At Lafayette College, Easton, PA
Judy Pfaff’s art requires several kinds of understandings. First, let’s think back to primordial installations — cave drawings and dwellings, rituals in China and Southern Africa and Native American ghost dances in buffalo robes. Think about Egyptian rulers who carried with them to the afterlife their slaves, dinner service, and fortunes. Think about caves, teepees, and tombs as original installation or performance spaces. Think about Tibetan Buddhists imagining the cosmologies of heaven.
Next, let’s think about the histories of art — about the periods, the decors, the painting and sculpture, and the layers of imagery up to the present, including Japanese and French cultures, and naïve artists like Henri Rousseau whose images fit so well between Picasso and Matisse. Add in geometric and abstract and conceptual kinds of art that somehow are universal and don’t exactly fit one time frame.
Further, let’s consider earth: its geophysicality — mountains, rivers, oceans, sky, air; its flora and fauna, its vast array of trees living inside, on, and above the earth: nature in abundance — its seasons, its moments of living and dying, its procreation and fruiting. Finally, there are the wonders of space and the imagination, of medicine and science.
In other words, if you think in every direction and then create your own cosmology that both surrounds and frees its viewers, you have some idea of what Judy Pfaff is doing these days.
I missed seeing Pfaff’s early days at Holly Solomon’s in the 1960s, but I witnessed and wrote about her 1997 Andre Emmerich show on 57th Street, for which she totally transformed the space, including holes in walls and a huge dead tree with its roots suspended on chains in a middle gallery. Pfaff went on to create installations from Sao Paulo to Wyoming to the Barnes Collection in Philadelphia, where her fanciful version of Mrs. Barnes’ exotic garden is, perhaps, the only tribute anyone has ever paid to Mrs. Barnes. So each installation of Pfaff’s art is about entering worlds that have their own kinds of rhythms, symbols, objects, and colors.
…each installation of Pfaff’s art is about entering worlds that have their own kinds of rhythms, symbols, objects, and colors.
“Somewhere After,” at Lafayette College in Easton Pennsylvania, is a creation myth. At the entrance is the upside-down roots of a dead tree decked out with colorful materials. It looks more like a chandelier since the roots seem to be branching and rising. The gallery space may be navigated in clockwise or counterclockwise directions. Metal geometric straight “lines” overhead mark this maze and create sight lines which change altitude and then spiral onto the floor in a central black and white space which shows an Egyptian leader’s possessions — his dogs, ducks, men, rams, lions, and his world. This black and white section shows a rigid hierarchy, inequality, and absence of color/life.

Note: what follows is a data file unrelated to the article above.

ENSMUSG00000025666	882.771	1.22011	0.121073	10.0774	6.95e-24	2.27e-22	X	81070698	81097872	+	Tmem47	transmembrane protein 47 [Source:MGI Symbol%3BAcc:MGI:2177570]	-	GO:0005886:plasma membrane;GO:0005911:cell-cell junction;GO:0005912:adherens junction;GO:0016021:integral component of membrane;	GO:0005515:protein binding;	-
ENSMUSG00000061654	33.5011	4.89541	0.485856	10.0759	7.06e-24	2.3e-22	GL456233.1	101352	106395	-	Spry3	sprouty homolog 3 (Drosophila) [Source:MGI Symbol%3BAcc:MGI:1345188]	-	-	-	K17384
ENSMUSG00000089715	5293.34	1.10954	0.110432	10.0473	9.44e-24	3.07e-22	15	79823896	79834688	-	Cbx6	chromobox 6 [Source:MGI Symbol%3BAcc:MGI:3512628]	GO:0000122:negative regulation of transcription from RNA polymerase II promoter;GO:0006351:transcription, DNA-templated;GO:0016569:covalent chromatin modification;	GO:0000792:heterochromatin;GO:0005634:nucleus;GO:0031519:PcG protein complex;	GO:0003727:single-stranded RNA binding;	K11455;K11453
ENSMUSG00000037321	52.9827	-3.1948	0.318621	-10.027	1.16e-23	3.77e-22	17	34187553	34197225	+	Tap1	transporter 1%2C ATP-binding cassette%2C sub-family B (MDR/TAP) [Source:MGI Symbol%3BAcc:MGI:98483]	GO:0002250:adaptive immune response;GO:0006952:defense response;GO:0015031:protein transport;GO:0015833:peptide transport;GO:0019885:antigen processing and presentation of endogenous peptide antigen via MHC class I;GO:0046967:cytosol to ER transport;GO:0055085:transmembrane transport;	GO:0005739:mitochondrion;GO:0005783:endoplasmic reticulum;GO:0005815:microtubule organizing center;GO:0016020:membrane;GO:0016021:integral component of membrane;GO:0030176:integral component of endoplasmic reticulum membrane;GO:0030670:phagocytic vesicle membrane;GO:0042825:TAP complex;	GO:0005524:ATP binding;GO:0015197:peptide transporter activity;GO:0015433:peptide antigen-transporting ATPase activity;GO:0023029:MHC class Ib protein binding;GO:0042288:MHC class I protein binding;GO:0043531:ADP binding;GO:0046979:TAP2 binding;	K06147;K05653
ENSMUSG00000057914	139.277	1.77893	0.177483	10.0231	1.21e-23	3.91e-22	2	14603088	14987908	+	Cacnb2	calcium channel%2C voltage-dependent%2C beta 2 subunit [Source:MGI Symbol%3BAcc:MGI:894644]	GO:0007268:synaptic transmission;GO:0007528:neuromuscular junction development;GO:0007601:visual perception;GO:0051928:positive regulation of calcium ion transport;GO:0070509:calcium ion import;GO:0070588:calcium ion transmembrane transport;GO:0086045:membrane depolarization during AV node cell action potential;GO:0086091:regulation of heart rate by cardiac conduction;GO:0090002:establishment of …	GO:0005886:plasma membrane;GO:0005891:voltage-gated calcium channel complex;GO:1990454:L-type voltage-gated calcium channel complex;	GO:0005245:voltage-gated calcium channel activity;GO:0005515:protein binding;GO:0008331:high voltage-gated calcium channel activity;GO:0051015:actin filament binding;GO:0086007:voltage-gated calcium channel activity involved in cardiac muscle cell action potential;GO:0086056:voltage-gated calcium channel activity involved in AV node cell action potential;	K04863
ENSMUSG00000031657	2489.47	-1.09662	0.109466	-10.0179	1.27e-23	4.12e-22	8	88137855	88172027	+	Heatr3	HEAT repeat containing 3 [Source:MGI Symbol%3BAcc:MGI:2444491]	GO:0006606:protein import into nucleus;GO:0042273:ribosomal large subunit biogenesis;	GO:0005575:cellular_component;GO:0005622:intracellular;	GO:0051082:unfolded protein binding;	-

Back at the entrance, the upside-down tree roots are shallow. Perhaps they didn’t have enough room to grow or perhaps the tree died due to turbulent weather or old age. Trees sometimes live longer than humans, but they, too, are part of the cycle of life and death. The roots are cloaked in extruded foam, an earthy eggshell, orange, and green mass that has basketlike forms of green, orange, and blue orbs in its arms and two spheres or primordial ooze at its base. This may symbolize earth’s wonders. A pendulum, which Professor Robert Saltonstall Mattison of Lafayette College calls Foucault’s Pendulum, is suspended over the roots, and two other pendulums are in another mass diagonally across the gallery. Foucault’s Pendulum dates from 1851 and demonstrates earth’s rotation, yet is also the title of the Umberto Eco 1988 novel that is the antithesis of gravitational pull and, instead, about esoteric and conspiracy theories. The area diagonally across may be notions of heaven; it has a large Tibetan mandala on the floor and a plastic spiral that goes up. As in the entrance sculpture, orange, green and blue predominate. The ooze on top rises high and bursts into rainbows of color.
Going around the room in both directions, orbs of vision abound. Some are highly distorted circles of Henri Rousseau’s world of plants, some are abstracted or figurative Tibetan mandalas, some are pure op geometries that seem to recede and advance into the space. In many, there are circles within circles that either collide, cross, or float together in concentric rings. Glitter and primal slime abound. There are immense rounds of roundness, multi-verses we can peer into, the ochre and green and white swirls become, in undulating variations, original gardens.
The exhibition title “Somewhere After” suggests an open narrative starting with the big bang — or however you imagine the origins of the universe. Pfaff’s many accomplishments and honors may be found on her website and at Art 21.